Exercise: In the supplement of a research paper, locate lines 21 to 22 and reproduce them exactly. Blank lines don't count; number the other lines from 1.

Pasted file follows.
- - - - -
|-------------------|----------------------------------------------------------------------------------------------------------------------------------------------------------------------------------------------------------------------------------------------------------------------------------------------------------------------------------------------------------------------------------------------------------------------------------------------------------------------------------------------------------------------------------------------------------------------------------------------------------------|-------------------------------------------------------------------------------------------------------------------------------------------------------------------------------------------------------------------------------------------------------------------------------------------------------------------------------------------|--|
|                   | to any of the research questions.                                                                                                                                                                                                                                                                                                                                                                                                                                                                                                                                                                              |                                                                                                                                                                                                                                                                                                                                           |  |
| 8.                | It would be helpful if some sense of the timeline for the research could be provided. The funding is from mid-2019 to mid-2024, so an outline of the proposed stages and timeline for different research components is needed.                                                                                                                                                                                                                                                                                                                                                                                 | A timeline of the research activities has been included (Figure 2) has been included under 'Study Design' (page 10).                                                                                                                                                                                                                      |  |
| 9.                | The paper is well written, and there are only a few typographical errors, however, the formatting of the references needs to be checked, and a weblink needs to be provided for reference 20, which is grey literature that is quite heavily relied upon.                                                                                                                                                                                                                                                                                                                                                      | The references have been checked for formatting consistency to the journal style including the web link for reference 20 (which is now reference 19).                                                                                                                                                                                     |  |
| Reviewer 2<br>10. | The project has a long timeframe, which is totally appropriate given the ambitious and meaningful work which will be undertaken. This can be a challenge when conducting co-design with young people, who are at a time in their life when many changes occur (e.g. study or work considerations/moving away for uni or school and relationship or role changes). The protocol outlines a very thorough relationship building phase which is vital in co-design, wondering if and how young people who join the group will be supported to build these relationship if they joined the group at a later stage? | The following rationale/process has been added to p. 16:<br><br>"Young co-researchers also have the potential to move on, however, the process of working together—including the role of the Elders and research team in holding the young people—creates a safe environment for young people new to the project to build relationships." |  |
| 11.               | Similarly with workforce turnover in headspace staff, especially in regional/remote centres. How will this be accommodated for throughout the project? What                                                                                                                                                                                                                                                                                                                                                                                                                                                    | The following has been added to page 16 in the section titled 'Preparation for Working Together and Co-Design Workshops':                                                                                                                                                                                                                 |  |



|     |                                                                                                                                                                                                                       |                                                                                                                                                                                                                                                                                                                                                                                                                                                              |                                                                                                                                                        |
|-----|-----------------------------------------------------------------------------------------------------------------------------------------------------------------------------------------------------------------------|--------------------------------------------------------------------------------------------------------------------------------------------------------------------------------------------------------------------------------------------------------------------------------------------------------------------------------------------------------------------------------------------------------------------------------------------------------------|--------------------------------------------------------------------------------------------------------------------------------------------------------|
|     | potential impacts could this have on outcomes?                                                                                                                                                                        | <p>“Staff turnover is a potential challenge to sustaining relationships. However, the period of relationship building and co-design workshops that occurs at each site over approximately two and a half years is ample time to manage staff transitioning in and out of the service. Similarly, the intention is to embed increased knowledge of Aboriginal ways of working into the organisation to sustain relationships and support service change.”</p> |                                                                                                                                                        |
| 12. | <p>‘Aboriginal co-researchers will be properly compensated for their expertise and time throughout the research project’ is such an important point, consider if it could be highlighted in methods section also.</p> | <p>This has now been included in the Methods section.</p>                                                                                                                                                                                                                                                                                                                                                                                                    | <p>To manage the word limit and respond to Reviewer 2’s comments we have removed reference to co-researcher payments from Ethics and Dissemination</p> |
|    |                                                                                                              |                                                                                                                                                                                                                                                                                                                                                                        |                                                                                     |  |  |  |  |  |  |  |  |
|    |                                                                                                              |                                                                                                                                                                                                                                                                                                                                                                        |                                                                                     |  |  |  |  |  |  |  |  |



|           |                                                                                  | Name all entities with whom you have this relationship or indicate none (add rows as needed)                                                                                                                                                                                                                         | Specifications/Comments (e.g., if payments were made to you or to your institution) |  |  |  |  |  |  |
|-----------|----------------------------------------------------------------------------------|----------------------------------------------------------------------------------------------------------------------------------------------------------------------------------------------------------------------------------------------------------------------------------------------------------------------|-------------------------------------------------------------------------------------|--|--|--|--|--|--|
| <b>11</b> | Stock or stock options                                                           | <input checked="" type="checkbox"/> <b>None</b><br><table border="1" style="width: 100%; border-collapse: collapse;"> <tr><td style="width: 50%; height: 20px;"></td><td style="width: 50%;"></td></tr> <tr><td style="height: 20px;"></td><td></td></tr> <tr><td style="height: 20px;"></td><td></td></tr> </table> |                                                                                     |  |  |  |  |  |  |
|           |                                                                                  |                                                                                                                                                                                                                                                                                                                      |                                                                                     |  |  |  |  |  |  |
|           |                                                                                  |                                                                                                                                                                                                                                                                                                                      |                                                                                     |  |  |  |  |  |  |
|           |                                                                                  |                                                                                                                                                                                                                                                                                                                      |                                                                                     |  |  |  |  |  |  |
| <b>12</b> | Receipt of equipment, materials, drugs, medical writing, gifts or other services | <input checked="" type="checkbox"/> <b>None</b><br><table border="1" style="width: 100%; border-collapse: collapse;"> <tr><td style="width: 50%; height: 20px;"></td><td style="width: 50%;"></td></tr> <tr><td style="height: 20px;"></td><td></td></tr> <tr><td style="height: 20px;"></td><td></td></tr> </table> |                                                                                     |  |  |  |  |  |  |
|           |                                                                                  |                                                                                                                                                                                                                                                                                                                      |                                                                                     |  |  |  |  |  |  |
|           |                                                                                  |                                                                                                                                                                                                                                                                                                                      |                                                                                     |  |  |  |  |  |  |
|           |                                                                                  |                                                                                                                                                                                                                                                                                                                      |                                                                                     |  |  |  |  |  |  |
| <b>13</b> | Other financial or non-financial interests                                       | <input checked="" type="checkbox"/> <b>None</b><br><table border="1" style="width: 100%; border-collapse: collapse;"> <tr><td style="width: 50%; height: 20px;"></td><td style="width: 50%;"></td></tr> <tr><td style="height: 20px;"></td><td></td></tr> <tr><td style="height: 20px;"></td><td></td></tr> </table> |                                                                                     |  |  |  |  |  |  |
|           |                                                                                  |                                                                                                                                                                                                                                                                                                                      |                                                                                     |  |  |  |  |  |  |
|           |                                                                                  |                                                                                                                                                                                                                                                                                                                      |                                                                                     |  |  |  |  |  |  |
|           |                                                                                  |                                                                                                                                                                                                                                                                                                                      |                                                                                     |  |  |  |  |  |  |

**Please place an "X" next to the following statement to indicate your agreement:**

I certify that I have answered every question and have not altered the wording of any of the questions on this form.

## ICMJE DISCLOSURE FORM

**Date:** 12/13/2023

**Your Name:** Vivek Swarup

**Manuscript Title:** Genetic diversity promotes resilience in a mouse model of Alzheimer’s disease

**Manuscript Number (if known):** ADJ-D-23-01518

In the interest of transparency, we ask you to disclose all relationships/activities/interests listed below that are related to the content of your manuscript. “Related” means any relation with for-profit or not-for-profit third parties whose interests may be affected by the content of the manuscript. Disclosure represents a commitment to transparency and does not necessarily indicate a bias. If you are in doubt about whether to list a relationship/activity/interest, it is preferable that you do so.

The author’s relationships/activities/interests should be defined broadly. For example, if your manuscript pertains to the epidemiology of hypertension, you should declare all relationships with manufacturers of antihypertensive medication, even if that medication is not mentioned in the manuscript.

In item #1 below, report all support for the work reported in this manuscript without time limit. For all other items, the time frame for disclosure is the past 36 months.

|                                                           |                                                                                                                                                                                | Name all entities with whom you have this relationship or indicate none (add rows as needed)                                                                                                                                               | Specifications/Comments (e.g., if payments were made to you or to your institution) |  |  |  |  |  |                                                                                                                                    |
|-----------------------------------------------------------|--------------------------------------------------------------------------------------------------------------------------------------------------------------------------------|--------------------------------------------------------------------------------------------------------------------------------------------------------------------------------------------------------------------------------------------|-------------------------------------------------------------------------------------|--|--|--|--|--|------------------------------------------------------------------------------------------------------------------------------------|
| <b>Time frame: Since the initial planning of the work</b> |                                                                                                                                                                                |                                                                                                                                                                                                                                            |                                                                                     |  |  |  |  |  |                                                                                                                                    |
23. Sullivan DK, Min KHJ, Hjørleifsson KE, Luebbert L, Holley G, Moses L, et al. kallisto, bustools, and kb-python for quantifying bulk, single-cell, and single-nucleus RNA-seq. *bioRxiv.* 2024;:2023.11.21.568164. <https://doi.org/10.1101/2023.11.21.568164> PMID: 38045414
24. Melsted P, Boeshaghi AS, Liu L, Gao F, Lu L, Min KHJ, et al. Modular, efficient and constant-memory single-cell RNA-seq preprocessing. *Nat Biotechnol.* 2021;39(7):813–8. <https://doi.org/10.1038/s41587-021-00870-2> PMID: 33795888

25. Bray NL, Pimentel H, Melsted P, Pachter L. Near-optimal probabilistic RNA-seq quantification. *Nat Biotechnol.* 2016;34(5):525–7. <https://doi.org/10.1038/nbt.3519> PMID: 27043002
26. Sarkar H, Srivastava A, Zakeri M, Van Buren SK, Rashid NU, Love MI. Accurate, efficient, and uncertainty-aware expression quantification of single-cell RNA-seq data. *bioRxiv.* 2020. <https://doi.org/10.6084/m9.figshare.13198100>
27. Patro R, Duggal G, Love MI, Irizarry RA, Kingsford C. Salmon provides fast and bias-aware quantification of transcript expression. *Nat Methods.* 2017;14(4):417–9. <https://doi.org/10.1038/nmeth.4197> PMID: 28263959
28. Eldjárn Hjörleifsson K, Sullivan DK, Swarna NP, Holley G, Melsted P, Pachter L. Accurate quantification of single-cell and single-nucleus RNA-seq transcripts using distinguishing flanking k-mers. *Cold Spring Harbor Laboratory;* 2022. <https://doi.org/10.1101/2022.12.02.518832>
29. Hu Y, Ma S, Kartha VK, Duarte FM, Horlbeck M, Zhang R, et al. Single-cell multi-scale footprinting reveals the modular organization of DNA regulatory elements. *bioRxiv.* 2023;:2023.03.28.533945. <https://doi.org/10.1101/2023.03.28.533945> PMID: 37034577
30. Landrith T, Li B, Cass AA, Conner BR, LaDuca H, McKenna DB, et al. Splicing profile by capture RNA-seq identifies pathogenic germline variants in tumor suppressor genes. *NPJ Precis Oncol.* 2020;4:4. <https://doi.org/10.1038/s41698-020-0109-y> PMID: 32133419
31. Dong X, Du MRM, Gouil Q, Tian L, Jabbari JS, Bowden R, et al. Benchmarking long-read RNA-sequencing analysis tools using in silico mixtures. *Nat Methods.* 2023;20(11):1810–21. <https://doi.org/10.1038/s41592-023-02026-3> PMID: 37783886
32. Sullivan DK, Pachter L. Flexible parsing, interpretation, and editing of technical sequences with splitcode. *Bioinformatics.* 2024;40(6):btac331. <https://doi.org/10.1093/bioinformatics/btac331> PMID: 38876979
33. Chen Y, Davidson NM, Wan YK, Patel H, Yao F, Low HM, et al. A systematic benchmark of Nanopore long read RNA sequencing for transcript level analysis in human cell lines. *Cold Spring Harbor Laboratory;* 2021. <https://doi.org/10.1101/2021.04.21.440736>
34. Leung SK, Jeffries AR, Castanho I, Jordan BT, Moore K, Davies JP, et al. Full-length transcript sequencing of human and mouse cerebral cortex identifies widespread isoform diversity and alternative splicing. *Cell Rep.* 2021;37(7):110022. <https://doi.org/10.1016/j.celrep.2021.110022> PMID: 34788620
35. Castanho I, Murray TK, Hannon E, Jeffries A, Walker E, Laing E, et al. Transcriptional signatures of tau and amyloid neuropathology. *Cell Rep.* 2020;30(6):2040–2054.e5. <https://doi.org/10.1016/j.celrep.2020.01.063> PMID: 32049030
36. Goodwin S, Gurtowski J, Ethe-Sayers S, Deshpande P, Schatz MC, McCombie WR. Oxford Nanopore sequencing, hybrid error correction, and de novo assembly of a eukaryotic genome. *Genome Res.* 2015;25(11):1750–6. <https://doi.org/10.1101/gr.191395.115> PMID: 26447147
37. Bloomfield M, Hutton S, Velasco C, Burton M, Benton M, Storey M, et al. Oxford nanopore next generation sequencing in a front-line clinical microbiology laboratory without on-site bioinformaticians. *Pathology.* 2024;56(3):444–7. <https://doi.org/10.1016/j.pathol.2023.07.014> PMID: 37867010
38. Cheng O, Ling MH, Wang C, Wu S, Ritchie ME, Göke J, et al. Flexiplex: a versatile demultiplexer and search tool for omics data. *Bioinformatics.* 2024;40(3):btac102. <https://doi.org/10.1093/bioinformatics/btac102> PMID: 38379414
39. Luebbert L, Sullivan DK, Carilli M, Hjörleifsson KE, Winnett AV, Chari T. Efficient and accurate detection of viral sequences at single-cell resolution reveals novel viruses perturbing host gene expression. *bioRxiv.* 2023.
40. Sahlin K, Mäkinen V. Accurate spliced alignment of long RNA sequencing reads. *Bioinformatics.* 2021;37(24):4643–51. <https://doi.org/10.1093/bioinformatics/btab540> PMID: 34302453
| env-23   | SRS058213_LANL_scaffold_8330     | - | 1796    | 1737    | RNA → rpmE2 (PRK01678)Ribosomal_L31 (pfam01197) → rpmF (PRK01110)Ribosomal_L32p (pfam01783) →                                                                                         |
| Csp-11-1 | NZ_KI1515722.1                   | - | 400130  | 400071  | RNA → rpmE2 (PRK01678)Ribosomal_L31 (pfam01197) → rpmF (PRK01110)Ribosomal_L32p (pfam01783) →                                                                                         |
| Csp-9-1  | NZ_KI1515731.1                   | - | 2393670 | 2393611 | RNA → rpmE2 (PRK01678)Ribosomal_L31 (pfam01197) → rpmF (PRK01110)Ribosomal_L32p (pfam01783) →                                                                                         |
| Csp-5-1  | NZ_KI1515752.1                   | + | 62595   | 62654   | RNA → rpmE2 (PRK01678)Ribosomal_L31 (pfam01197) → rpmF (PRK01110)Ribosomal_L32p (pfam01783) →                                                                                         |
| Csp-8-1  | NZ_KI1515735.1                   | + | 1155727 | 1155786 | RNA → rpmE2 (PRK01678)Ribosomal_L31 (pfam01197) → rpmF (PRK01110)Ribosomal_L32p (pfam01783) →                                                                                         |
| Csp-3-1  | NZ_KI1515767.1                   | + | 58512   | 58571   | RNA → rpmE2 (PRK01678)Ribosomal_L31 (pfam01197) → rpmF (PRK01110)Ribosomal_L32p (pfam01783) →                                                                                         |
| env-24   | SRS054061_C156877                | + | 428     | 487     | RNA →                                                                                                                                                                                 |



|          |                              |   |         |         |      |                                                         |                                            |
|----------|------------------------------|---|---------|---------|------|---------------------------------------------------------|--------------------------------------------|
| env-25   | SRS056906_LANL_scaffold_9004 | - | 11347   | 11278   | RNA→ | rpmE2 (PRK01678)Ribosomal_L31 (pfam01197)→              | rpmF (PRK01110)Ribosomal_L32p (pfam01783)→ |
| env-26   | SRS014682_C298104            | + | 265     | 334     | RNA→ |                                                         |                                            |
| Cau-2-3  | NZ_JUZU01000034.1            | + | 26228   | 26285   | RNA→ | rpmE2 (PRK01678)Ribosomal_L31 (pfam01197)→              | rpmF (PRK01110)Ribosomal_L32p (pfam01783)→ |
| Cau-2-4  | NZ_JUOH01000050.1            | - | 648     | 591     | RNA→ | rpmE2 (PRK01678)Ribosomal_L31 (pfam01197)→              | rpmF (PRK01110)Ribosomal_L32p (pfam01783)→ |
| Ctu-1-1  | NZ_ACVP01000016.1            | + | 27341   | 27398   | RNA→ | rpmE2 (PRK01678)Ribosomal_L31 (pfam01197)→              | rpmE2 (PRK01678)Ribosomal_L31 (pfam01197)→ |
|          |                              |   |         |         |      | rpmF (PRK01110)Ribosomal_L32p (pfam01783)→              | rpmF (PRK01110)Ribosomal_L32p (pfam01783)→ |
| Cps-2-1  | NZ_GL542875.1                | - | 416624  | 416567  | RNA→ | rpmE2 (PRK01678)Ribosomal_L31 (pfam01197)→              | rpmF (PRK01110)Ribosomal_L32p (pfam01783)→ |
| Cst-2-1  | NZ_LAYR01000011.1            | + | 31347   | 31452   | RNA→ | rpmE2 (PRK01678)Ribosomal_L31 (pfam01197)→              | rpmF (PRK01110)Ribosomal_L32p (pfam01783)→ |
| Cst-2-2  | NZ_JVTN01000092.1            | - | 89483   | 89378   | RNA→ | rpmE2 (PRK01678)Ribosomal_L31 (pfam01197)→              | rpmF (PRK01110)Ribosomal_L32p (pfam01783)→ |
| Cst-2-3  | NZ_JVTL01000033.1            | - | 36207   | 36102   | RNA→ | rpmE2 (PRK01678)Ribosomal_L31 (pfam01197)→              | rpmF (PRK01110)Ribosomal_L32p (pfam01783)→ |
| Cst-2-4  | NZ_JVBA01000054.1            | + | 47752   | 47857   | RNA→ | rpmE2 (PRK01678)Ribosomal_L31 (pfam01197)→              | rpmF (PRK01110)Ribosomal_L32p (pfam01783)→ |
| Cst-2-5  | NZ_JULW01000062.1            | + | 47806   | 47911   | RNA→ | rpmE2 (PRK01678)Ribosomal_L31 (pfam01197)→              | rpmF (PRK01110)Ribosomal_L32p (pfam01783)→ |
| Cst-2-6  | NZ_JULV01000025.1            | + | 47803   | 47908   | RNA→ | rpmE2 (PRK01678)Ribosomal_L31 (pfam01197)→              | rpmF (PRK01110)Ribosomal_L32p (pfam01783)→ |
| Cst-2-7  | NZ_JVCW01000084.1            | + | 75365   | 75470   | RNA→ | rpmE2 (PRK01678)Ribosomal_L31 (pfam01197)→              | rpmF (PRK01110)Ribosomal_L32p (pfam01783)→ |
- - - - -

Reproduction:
|           |                                                                                  |                                                                                                                                                                                                                                                                                                                      |                                                                                     |  |  |  |  |  |  |
|           |                                                                                  |                                                                                                                                                                                                                                                                                                                      |                                                                                     |  |  |  |  |  |  |